The outbreak of the War of the Austrian Succession in 1741 significantly disrupted the flow of foreign visitors to Venice, and the demand for Canaletto's work on the part of the English declined considerably. Joseph Smith encouraged the artist to devote more time to drawing and to take up etching, which formed a small but significant part of his artistic activity. After Smith's appointment as British Consul in Venice in 1744, a volume of Canaletto's etchings was published as Vedute altre prese da i luoghi altre ideate. In 1740 and 1741 Canaletto left Venice on a tour of the Brenta and the mainland and made a number of drawings on the spot which served as the source for paintings and particularly etchings which he produced in the studio upon his return. He was accompanied on this trip by Bernardo Bellotto, the son of his sister Fiorenza, who had been in his studio since about 1735 and must have played an increasing role in the production of the studio.
In spite of Canaletto's success with the English and other foreign patrons, contemporary Venetians appear to have held his view painting in low esteem: none of his patrons was Venetian, and he was not elected to the Venetian academy until 1763, following a previous refusal. In the traditional view, Canaletto's paintings after 1756 seldom display the imagination and technical skill, the freshness and vitality of his earlier work. In fact, he produced pictures of high quality in his last years, like the architectural capriccio of the interior of the courtyard of a palace (Galleria Accademia, Venice), an exercise in perspective that he gave the Academy in 1765 as his reception piece. In August 1767 he attended a meeting of the Academy. Seven months later, on April 19, 1768, Canaletto died of inflammation of the bladder and was buried in Venice. [This is an edited version of the artist's biography published in the NGA Systematic Catalogue]
The Kress Collection encompasses more than 3,000 works of European art, and is distinguished for its abundance of Italian Renaissance paintings. The Collection was donated to scores of regional and academic art museums.
(1) Catalogue by F. R. Shapley, 1960, p. 74, as Canaletto. (2) K1805 has been attributed to Canaletto by R. Longhi (in ms. opinion), dating it c. 1750; B. Berenson (in ms. opinion); Suida (loc. cit. in note 6, below), accepting Longhi's date, c. 1750; V. Moschini (Canaletto, 1954, pls. 108 f.), grouping it with paintings of c. 1740; and tentatively by L. Puppi (The Complete Paintings of Canaletto, 1970, no. 181). W. G. Constable (in ms. opinion, 1954, and Canaletto, vol. II, 1962, no. 61) considers it studio work and favors a date in the 1740's. (3) See note 2, above. (4) Reproduced by Constable, vol. I, no. 58, pl. 22 of op. cit. in note 2, above. (5) The Robinson ownership, which is cited in the catalogue of the 1929 sale listed under Provenance, has not been traced; Constable (loc. cit. in note 2, above) asks whether J. C. Robinson is indicated. (6) Paintings and Sculpture from the Kress Collection, 1951, p. 162 (catalogue by W. E. Suida), as Canaletto, c. 1750.
The majority of the drawings in this exhibition are independent works of art, rather than studies for paintings. They were drawn in Canalettos studio, either on the basis of detailed studies made on the spot the same studies that also served for Canalettos paintings or as imaginary compositions.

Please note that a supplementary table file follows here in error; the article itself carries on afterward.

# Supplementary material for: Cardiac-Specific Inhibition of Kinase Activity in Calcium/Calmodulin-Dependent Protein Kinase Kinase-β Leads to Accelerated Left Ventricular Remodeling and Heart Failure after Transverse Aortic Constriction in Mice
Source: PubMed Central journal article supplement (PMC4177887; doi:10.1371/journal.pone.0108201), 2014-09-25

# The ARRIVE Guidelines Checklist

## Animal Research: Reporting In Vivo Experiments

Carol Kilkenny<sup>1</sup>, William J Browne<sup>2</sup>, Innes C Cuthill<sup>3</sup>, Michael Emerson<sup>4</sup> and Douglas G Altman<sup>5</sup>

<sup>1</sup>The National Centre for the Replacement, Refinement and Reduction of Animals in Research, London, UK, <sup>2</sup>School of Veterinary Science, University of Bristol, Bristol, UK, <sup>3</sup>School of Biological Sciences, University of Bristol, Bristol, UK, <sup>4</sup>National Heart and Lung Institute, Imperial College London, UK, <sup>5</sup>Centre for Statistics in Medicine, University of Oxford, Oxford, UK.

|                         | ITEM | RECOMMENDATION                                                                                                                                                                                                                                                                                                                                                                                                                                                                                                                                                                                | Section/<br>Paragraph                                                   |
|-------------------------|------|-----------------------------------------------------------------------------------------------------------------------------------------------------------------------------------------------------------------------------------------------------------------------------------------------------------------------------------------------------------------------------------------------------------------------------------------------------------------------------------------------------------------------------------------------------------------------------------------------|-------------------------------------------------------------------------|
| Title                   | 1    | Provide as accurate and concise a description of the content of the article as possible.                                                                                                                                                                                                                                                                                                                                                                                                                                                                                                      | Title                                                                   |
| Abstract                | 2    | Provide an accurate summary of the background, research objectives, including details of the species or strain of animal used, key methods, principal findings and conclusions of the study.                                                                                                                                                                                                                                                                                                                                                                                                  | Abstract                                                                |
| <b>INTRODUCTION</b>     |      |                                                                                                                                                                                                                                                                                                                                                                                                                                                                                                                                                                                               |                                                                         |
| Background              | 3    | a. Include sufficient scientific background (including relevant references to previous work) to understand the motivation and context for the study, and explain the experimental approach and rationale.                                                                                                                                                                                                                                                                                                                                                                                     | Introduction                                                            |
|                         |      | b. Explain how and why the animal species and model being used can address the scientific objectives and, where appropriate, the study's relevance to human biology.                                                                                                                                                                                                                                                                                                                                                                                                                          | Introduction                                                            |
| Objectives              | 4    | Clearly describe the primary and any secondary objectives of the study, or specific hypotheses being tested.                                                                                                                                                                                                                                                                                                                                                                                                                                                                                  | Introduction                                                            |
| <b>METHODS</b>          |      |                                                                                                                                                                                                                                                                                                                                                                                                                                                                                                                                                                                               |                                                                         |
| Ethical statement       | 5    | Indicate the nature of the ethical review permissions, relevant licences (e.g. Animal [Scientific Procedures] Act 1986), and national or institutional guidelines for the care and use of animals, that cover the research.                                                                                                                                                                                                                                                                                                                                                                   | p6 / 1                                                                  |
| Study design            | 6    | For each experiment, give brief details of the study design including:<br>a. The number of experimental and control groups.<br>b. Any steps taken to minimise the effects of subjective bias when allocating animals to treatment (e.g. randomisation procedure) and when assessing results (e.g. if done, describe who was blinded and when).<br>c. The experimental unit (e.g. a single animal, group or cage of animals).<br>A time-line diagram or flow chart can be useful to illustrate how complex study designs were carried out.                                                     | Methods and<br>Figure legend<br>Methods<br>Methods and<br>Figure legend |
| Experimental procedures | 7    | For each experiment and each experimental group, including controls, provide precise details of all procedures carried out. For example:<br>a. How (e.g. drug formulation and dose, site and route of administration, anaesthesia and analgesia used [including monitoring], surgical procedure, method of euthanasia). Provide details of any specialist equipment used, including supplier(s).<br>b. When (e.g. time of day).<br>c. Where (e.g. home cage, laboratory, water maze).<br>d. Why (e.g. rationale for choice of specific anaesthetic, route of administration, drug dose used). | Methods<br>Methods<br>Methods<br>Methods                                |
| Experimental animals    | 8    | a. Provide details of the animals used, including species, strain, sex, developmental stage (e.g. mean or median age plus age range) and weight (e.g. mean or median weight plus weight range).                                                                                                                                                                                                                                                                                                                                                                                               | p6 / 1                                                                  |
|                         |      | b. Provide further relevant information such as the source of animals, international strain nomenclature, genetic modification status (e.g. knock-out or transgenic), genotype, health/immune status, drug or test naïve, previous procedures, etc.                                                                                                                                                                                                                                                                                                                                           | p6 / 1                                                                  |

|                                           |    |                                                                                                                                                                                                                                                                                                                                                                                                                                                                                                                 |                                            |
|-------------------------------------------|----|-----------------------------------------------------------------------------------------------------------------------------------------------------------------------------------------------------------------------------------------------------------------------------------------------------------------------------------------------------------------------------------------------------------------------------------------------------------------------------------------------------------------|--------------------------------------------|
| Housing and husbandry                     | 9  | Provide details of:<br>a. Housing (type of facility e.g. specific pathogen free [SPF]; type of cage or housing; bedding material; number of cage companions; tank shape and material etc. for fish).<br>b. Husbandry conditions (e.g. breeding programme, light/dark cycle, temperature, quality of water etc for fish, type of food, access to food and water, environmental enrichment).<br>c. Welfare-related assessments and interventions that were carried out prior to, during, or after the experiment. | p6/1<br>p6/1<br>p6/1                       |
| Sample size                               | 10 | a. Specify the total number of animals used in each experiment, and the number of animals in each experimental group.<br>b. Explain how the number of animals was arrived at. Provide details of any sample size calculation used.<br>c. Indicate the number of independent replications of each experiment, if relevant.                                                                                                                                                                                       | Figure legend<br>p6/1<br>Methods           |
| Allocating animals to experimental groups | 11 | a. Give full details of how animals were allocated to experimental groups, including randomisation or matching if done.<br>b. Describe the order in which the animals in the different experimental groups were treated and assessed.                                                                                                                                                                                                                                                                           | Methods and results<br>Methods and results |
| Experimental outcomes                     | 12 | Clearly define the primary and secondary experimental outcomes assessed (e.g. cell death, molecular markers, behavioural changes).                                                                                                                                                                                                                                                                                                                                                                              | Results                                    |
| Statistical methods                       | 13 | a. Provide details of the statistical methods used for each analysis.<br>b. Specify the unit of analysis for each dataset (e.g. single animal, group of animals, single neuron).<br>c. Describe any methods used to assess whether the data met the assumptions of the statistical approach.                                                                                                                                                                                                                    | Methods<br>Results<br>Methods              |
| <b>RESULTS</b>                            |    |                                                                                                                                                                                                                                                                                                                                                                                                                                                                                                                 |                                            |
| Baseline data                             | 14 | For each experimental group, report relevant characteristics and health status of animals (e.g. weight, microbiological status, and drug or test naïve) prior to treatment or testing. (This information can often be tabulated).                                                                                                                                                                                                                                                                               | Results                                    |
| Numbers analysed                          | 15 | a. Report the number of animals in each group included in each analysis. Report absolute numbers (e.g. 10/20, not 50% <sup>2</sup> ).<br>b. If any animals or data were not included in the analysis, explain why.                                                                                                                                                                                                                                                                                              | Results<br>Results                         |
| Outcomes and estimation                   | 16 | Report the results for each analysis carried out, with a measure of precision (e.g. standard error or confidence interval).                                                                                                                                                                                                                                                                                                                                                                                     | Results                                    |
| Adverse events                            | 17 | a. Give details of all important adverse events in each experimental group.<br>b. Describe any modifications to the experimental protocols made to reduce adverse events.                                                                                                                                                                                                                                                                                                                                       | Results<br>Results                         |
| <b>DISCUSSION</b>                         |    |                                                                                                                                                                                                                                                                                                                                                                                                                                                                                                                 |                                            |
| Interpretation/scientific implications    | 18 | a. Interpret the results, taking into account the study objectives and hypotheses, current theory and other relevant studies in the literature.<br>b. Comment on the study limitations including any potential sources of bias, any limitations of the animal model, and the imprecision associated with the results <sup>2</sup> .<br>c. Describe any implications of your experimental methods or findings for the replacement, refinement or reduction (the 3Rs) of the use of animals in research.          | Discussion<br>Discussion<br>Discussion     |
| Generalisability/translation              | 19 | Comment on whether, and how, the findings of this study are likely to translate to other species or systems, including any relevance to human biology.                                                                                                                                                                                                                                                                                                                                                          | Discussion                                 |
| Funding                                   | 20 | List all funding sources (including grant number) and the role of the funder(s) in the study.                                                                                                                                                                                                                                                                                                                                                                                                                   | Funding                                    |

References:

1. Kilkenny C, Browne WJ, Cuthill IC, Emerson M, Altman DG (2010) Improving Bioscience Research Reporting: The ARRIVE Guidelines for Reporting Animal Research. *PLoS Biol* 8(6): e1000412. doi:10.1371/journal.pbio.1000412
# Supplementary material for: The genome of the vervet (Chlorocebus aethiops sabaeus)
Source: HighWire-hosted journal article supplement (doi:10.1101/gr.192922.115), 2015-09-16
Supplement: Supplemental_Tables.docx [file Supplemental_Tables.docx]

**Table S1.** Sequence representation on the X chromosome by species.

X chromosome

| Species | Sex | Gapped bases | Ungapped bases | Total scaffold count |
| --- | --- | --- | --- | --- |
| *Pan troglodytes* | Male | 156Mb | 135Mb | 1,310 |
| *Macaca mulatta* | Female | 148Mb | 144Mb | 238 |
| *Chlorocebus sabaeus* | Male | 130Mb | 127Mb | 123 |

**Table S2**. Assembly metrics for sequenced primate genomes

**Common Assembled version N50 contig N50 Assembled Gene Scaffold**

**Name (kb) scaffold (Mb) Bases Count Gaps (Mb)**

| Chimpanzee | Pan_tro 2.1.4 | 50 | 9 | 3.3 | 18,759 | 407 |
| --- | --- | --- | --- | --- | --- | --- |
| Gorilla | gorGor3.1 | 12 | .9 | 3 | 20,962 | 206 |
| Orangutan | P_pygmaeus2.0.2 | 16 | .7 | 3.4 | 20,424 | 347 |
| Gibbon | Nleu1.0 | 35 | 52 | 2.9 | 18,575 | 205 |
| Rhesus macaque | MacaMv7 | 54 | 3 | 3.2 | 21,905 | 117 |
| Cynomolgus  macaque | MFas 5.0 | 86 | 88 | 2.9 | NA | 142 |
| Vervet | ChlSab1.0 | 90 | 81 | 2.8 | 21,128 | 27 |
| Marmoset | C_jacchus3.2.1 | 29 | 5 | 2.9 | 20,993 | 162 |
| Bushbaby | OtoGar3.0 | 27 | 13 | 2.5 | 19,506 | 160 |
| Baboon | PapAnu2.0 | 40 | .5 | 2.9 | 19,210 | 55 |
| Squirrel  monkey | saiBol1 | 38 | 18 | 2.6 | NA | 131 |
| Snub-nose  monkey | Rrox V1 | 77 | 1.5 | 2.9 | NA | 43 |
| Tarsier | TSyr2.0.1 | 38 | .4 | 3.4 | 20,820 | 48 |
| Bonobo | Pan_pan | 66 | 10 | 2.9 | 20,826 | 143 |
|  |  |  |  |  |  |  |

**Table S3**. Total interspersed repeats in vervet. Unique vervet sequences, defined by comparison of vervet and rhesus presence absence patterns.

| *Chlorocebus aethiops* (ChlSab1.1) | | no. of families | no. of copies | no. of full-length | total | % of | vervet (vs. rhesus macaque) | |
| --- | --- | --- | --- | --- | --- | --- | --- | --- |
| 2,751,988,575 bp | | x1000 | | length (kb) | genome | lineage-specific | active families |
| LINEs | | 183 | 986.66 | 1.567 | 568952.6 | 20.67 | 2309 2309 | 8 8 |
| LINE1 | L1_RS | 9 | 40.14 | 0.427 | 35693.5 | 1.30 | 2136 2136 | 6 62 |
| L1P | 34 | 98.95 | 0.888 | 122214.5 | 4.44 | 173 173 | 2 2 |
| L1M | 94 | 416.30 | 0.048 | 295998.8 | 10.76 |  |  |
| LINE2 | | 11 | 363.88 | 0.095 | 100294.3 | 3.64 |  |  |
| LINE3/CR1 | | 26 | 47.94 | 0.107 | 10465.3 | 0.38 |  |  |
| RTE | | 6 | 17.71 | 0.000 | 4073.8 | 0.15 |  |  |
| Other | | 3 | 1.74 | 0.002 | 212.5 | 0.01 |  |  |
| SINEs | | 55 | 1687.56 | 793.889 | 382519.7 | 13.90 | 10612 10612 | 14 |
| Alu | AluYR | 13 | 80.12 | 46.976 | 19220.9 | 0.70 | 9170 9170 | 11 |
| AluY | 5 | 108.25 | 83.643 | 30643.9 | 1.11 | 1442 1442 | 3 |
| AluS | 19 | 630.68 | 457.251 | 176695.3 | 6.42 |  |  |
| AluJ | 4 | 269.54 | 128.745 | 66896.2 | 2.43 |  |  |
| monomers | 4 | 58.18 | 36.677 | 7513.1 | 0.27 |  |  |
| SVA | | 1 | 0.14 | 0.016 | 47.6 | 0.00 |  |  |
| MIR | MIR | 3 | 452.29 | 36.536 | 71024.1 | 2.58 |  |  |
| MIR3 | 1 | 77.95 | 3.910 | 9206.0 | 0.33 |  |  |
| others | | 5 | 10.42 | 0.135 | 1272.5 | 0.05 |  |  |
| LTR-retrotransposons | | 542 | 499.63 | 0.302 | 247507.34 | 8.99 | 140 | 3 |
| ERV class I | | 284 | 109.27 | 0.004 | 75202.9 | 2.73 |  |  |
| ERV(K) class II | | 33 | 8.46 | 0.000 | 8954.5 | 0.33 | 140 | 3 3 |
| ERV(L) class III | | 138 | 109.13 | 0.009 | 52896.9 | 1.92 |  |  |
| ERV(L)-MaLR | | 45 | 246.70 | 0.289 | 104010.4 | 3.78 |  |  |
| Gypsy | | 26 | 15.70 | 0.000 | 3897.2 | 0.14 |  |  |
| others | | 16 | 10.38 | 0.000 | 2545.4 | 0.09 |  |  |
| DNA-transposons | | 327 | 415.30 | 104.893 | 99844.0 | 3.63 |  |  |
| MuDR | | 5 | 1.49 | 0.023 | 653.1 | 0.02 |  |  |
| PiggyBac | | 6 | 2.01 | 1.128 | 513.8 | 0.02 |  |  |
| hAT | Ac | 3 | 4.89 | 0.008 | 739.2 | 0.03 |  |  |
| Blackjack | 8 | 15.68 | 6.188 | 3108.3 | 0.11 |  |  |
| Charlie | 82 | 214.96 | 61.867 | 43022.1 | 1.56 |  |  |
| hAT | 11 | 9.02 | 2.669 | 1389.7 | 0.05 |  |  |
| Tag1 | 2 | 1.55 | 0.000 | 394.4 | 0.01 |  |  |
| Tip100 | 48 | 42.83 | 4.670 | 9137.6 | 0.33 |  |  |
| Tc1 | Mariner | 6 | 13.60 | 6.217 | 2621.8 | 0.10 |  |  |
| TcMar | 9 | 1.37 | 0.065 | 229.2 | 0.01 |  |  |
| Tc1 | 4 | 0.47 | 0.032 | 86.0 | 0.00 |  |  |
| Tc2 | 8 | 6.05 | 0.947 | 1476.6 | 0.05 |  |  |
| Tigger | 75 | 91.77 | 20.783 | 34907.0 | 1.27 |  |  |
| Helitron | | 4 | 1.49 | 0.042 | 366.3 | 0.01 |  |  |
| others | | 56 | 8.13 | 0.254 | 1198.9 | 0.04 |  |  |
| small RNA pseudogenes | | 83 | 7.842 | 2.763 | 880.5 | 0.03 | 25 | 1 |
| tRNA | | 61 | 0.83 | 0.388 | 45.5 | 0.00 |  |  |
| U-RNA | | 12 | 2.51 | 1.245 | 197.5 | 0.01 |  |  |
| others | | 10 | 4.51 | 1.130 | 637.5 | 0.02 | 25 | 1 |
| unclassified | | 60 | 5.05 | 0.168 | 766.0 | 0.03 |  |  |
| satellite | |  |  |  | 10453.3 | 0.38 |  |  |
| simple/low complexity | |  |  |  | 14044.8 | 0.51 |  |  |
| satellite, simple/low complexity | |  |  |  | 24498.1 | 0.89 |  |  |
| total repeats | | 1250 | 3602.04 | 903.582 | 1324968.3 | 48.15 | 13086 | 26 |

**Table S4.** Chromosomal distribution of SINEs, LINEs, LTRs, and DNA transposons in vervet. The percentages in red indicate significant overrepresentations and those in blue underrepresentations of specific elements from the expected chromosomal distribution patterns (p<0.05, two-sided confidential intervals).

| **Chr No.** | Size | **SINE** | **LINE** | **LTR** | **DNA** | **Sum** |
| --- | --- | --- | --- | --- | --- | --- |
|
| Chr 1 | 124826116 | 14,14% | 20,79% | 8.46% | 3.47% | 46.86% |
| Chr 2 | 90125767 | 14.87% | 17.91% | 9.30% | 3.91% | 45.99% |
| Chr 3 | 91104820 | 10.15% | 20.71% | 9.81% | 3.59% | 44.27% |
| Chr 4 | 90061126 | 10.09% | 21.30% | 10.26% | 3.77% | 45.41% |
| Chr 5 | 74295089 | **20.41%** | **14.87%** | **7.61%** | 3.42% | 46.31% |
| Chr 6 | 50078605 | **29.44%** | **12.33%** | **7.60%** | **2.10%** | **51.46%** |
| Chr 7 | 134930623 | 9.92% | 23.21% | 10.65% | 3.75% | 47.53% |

This painting is part of a series of small Venetian views that were originally in the collection of Prince Josef Wenzel of Liechtenstein (1696-1772).BibliographyDescription des tableaux et des pièces de sculpture que renferme la gallerie de son Altesse Francois Joseph, Chef et Prince Regnant de la Maison de Liechtenstein, Vienna, 1780, p. 74.Katalog der Fürstlich Liechtensteinischen Bildergalerie im Gartenpalais der Rossau zu Wien, Vienna, 1873, p. 69, no. 591.Ferrari, G., I due Canaletto, Turin, 1920, pl. 14.Kronfeld, A., Führer durch die Fürstlich Liechtensteinische Gemäldegalerie in Wien, Vienna, 1927, no. 199.Godwin, Molly Ohl, \"Capolavori italiani al 'Toledo Museum of Art,'\" Le Vie Del Mondo, vol. 14, 1952, p. 1156, repr. p. 1154.Toledo Museum of Art Museum News, no. 148, October 1953, repr.Constable, W. G., Canaletto: Giovanni Antonio Canal, 1697-1768, Oxford, 1962, I, p. 112, n. 2, and pl. 30, no. 118, II, no. 118.Links, J. G., \"The View Paintings Return to Venice,\" Burlington Magazine, vol. 109, no. 773, Aug. 1967, p. 457.Rey, Jean-Dominique, \"Le Tour des Exposition,\" Jardin des Arts, no. 156, Nov. 1967, repr. 64.Briganti, Giuliano, I Vedutisti, Milano, Bompiani/electa, 1968, repr. (det., col.), tav. 54.Puppi, L., The Complete Paintings of Canaletto, New York, 1968, p. 92, fig. 35, pl. XXVI.Maxon, John, \"The Golden Afternoon,\" Art Gallery Magazine, vol. 14, no. 1, Oct. 1970, repr. p. 77.Sherrill, Sarah B., \"Current and Coming: More Italian Art,\" Antiques, vol. 99, no. 2, Feb. 1971, repr. p. 174.Fredericksen, Burton B., and Federico Zeri, Census of Pre-Nineteenth-Century Italian Paintings in North American Public Collections, Cambridge, MA, 1972, p. 43.The Toledo Museum of Art: A Guide to the Collections, Toledo, 1976, repr. p. 47 (col.).The Toledo Museum of Art, The Toledo Museum of Art, European Paintings, Toledo, 1976, p. 34, pl. 37.Magugliani, Lodovico, La pittura del Giovane Canaletto (fino al 1728), Milan, 1976, p. 26.Constable, W.G., Canaletto, 2nd ed., Oxford, 1976, vol. 1, p. 112, n. 3, and pl. 30, vol. II, no. 118, p. 244.Morse, John D., Old Master Paintings in North America, New York, 1979, p. 44.Gregory, Howard, Around the World, Then and Now, Redondo Beach, California, 1985, repr. p. 71.Koch-Hillebrecht, Manfred, Museen in den USA: Gemalde, Munich, 1992, p. 232.Agnew's 1892-1992, London, 1992, p. 196, 208, pl. 188, p. 207.Pedrocco, Filippo, Canaletto e i vedutisti veneziani, Milan, 1995, p. 48, fig. 55 (col.), p. 46.\"A Summer of Classical Art at the Hood Museum of Art,\" and \"Fine Arts,\" Upper Valley Magazine, vol. 9, no. 3, May/June 1995, pp. 62, 65, repr. p. 64 (det., col.).Toledo Museum of Art, Toledo Museum of Art Masterworks, Toledo, 2009, p. 195, repr. (col.).Exhibition HistoryDetroit, Detroit Institute of Art, Venice, 1700-1800, 1952, no. 11, repr. Indianapolis, Indianapolis Museum of Art, 1952.Baltimore, Baltimore Museum of Art, Age of Elegance: The Rococo and its Effect, 1959, no. 181.Venice, Palazzo Ducale, I vedutisti veneziani del settecento, 1967, no. 52, repr. and pl. 10 (det.) (cat. by P. Zampetti).Venizia, Direzione Belle Arti, 1967.Chicago, Art Institute of Chicago, Painting in Italy in the Eighteenth Century: Rococo to Romanticism, 1970, no. 17, repr. (cat. entry by B. Hannegan).Minneapolis, Minneapolis Institute of Arts, 1970.Dallas, Southern Methodist University, Meadows Museum, 1979. New York, Metropolitan Museum of Art, Canaletto, 1989, no. 54, p. 201, repr. (col.).Hanover, Hood Museum of Art, Two Views of Italy: Master Prints by Canaletto and Piranesi, 1995, no. 32, pp. 15, 18, 71, nos. 4, 93, fig. 3, p. 16.Publication EntryVenice, its light and architecture, its canals and people, was a subject of endless fascination and exploration for Giovanni Antonio Canal, called Canaletto. The flicker of light on the water, the stance of the gondoliers, and the clearly delineated buildings against a crisp blue sky demonstrate his passion for recording the details of his native city. Often using a camera obscura (an optical device that uses light and lenses to project an image) as an aid to composition, Caneletto painted his compelling views of Venice primarily for wealthy tourists.In the age of the Grand Tour, when travel to the famous sites of continental Europe marked the finishing touch of every young gentleman's education, art was the ultimate souvenir. Demand rose for paintings of a city or site that were faithful enough to identify the precise location. The son of a prominent designer of theatrical scenery, Canaletto became the most distinguished eighteenth-century Italian painter of these topographical views, or vedute. The Riva degli Schiavoni is the promenade that passes in front of the fourteenth-century pinkish-gold Doge's Palace (residence of the ruler of Venice), at the left, and continues along the waterfront for another half mile. Canaletto's view also features the picturesque Ponte della Paglia (\"straw bridge\"), behind which the famous Bridge of Sighs connecting the Palace with the Prisons can just be seen; the imposing prison building; a group of houses; and the Palazzo Dandolo (today the Hotel Daniele). The painting was one of a series of small Venetian views originally in the collection of Prince Josef Wenzel of Liechtenstein (1696-1772), one of many members of the nobility to commission vedute from Canaletto.On ViewCurrent Location: Toledo Museum of Art (2445 Monroe Street), Gallery, 26, RotundaIn Collection(s)PaintingsHome2445 Monroe Street 59ce067264